Do Grandparents Have Any Entitlement to Spend Time or Communicate with Their Grandchildren?

There are legislative provisions under the Family Law Act which gives legal standing to grandparents who wish to make an application in Court to spend time with their grandchildren.

Section 60B of the Family Law Act aims to ensure that children receive adequate and proper parenting to help them achieve their full potential and to ensure that parents fulfil their duties and meet their responsibilities concerning the care, welfare and development of their children.

The involvement of a grandparent in a child’s life can be considered to fall within this parental responsibility. This can include the responsibility to ensure children have a right of contact, on a regular basis, with “other people significant to their care, welfare and development.” The Family Law Act makes explicit reference to grandparents as persons who can fall within this category.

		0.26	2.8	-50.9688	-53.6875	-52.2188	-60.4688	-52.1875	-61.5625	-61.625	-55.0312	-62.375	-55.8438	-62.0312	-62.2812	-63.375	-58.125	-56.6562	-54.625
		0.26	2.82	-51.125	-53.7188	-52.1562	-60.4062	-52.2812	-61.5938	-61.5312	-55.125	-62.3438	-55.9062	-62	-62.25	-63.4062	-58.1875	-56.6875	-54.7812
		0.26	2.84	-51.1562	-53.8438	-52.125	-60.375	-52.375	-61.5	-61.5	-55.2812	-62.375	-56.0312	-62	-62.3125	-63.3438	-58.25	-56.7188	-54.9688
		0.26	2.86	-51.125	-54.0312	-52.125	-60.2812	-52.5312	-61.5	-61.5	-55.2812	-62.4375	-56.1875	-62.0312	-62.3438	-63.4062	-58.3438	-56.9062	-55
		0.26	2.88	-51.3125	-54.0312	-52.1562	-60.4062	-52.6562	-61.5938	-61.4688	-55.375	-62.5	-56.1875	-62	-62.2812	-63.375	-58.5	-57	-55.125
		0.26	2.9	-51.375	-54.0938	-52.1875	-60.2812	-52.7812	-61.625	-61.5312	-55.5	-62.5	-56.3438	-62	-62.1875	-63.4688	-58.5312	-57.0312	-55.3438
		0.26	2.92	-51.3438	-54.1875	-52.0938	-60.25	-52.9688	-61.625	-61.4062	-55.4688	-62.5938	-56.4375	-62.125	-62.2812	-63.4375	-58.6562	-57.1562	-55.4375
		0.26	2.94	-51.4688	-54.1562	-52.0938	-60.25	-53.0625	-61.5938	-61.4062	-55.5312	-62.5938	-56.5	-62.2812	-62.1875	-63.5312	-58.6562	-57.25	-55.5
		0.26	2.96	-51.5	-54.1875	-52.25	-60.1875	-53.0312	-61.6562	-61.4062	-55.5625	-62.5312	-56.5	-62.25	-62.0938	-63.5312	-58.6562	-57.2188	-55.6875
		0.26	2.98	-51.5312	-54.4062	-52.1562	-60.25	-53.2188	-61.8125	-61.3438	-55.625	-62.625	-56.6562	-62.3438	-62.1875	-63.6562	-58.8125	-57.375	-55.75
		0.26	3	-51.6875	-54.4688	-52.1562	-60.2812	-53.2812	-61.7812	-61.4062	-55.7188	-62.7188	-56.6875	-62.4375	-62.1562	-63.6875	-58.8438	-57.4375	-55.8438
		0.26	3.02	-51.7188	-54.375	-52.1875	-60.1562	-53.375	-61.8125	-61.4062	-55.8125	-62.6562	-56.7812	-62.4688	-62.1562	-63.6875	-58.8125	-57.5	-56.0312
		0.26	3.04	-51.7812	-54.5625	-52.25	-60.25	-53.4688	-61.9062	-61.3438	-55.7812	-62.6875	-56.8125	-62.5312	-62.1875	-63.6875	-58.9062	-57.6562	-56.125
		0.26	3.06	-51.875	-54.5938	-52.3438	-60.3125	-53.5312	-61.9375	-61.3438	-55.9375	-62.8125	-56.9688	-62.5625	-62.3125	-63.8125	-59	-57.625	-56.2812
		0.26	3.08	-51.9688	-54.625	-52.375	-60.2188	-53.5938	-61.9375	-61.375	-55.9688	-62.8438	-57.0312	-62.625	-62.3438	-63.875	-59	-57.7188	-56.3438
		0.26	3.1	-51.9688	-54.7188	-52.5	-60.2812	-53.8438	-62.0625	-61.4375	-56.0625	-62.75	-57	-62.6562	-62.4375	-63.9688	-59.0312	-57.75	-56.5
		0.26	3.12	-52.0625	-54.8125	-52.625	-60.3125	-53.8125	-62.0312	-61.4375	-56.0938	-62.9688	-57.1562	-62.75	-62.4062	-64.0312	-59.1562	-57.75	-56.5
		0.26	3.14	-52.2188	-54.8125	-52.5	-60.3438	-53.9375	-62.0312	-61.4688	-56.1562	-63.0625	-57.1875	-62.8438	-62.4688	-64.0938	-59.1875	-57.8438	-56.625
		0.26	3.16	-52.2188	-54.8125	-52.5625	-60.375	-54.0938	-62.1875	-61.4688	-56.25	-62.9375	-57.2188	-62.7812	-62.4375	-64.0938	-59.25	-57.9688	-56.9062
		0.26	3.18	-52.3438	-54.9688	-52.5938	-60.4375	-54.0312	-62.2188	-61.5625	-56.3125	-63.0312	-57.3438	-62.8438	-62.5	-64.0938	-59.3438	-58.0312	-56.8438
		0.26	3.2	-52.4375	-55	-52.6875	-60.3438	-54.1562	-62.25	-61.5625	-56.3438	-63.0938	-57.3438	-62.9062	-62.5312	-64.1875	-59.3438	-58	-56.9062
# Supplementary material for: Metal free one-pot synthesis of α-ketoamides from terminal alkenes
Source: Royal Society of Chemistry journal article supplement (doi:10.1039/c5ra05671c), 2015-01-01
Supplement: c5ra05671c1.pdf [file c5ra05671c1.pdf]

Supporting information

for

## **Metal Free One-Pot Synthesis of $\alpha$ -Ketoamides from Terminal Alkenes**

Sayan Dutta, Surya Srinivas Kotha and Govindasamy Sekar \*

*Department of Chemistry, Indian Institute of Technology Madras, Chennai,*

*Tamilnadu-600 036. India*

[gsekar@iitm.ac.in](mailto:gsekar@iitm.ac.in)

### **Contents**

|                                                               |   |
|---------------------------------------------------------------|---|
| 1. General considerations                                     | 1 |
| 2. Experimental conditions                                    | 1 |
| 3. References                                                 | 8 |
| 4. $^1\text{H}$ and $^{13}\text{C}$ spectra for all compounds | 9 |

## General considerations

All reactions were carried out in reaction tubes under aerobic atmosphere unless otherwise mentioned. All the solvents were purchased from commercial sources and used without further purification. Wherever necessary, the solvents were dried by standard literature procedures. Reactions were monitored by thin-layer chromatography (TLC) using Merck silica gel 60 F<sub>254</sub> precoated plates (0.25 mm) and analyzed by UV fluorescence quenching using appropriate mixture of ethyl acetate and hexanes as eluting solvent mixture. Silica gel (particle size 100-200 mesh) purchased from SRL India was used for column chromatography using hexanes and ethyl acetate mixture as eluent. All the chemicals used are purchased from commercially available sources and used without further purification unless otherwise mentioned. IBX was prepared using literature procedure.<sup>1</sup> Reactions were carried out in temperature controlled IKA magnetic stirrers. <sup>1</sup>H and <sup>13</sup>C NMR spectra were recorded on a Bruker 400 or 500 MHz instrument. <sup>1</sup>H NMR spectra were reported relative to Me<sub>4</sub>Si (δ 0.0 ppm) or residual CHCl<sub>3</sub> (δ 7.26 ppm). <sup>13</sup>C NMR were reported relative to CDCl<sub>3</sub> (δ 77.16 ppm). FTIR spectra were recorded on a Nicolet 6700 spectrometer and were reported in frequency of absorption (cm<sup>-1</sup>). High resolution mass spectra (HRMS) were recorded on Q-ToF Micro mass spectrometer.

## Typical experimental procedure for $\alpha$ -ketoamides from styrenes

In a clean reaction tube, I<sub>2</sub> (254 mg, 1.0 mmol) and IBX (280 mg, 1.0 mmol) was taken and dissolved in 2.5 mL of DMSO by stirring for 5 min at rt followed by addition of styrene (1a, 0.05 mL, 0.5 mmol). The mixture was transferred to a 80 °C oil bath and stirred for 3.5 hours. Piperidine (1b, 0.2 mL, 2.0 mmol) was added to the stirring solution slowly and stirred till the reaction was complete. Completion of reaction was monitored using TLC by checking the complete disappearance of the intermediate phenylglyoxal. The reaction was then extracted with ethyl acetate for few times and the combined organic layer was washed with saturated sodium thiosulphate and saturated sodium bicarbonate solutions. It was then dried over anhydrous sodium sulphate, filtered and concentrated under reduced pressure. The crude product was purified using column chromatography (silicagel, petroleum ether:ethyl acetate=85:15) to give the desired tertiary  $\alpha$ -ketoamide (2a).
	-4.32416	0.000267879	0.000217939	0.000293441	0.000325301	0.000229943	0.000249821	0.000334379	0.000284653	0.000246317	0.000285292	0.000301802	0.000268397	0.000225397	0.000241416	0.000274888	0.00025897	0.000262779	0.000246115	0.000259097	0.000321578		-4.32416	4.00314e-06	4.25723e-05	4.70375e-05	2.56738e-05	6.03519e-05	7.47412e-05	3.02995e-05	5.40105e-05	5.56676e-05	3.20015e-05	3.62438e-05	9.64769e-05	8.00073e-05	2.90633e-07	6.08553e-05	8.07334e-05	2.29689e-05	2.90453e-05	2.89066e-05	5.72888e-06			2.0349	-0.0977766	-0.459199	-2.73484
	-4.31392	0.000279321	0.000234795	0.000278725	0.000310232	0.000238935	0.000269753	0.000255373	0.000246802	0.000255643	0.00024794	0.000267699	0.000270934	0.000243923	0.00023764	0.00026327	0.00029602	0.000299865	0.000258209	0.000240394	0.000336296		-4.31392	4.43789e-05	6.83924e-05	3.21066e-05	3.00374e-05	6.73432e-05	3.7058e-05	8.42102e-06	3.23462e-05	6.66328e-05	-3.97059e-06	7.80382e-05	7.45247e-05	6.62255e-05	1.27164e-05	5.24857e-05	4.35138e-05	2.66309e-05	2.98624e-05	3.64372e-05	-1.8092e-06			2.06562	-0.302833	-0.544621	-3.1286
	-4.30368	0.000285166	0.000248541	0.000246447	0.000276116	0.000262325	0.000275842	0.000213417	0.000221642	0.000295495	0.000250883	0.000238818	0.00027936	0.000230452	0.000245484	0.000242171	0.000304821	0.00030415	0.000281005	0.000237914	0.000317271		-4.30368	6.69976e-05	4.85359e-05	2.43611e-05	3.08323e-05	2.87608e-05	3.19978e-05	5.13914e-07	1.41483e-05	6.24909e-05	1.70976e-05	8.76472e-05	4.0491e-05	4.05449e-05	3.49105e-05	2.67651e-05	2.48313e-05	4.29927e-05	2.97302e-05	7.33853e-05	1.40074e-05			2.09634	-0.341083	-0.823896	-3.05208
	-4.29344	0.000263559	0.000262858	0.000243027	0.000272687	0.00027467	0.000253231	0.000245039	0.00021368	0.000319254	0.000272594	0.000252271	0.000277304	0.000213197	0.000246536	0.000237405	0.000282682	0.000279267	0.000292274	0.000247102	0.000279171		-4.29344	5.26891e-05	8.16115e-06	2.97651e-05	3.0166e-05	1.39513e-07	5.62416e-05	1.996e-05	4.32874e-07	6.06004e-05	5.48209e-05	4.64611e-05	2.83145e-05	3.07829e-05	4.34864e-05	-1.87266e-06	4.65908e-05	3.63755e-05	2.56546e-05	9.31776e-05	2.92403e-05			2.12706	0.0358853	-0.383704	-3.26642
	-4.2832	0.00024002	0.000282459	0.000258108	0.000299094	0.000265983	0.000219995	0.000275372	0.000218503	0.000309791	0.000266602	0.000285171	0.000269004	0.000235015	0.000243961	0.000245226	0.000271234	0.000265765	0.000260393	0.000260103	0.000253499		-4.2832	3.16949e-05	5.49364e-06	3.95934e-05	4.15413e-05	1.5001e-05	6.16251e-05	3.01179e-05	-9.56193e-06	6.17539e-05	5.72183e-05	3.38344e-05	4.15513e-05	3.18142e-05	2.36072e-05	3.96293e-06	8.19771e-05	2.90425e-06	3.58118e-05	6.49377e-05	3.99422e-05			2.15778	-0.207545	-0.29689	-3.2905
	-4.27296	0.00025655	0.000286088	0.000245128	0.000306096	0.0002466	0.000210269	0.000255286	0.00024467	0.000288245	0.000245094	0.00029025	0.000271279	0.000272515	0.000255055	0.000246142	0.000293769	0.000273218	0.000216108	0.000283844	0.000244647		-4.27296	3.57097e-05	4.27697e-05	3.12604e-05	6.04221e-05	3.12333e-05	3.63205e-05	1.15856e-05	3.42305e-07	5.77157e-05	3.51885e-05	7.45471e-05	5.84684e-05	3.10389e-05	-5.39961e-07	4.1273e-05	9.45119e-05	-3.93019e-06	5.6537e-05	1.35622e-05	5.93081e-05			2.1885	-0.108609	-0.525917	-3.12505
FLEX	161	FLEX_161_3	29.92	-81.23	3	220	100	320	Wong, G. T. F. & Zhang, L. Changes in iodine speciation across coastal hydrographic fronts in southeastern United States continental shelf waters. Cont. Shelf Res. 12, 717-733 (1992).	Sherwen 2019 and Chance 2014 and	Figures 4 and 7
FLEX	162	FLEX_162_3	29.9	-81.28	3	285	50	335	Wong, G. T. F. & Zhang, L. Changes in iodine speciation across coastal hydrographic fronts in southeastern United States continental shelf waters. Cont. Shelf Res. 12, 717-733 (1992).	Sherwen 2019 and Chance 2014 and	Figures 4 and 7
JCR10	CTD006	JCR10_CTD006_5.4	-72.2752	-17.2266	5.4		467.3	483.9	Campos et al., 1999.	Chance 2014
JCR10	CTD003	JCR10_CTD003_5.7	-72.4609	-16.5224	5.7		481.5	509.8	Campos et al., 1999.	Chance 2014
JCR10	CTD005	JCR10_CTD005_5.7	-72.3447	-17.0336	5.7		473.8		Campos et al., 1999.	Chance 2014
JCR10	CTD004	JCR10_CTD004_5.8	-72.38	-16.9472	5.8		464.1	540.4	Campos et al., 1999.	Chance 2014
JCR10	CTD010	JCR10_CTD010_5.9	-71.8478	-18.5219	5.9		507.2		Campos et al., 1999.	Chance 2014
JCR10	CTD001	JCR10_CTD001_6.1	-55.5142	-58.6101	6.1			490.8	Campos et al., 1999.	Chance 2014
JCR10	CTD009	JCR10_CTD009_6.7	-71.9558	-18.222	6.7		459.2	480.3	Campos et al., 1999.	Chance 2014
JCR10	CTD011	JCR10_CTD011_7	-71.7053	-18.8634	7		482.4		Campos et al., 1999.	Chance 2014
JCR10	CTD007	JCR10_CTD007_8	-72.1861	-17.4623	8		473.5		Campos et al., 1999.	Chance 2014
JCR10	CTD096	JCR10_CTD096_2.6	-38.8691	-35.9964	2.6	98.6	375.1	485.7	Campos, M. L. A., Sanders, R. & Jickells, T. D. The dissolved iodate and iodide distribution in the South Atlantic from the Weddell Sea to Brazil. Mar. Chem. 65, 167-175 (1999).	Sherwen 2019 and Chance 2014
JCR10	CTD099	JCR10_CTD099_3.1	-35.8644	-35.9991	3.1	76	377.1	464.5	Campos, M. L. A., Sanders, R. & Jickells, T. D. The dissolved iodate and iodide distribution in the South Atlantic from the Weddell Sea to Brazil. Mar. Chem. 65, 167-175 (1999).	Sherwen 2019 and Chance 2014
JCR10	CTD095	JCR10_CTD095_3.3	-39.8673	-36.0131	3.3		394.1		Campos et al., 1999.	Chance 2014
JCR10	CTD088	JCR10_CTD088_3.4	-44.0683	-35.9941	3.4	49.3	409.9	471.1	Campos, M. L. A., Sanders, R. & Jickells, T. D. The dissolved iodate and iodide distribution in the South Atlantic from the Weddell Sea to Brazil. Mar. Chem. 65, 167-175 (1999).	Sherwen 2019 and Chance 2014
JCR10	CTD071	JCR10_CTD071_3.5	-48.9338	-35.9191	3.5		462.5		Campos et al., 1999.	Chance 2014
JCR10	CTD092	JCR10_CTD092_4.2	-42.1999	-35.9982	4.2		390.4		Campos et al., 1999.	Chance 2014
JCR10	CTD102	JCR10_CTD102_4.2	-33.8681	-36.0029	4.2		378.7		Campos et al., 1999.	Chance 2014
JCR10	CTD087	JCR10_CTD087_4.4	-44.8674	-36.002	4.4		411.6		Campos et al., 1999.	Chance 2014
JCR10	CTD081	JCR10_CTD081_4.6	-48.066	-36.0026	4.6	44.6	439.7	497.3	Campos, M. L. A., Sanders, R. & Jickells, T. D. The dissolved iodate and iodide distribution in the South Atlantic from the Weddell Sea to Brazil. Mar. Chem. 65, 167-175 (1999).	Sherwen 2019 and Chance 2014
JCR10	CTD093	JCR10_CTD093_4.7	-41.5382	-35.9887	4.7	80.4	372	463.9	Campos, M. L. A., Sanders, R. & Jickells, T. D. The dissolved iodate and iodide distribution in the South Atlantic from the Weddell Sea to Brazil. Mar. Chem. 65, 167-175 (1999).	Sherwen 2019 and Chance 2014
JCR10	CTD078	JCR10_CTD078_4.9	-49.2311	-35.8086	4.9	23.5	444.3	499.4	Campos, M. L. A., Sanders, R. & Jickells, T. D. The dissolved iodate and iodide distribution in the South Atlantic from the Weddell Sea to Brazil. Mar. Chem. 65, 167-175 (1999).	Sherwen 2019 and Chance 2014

Grandparents are not invested with a special right or position over and above other people who might be significant to a child’s care, welfare and development. The only people in such a special category are parents. However, grandparents are included as an example of the class of people who may be able to establish that they are significant to a child’s care, welfare and development, and if that is the case and it is in the best interest of the child then the child has a right to see that grandparent.

The Family Law Act reflects the social recognition that sometimes grandparents are the sole stable feature in the lives of some children. The legislation therefore specifically empowers a grandparent to apply for a parenting order.

The Family Law Act also supports the generally regarded view in the Australian community that children should be entitled to have a relationship with their grandparents, provided it is in the child’s best interests. However, any determination of the best interests of a child should be informed by the family dynamics between the children’s parent/s and grandparent/s. In that regard, the views of the parents are significant but not necessarily determinative.

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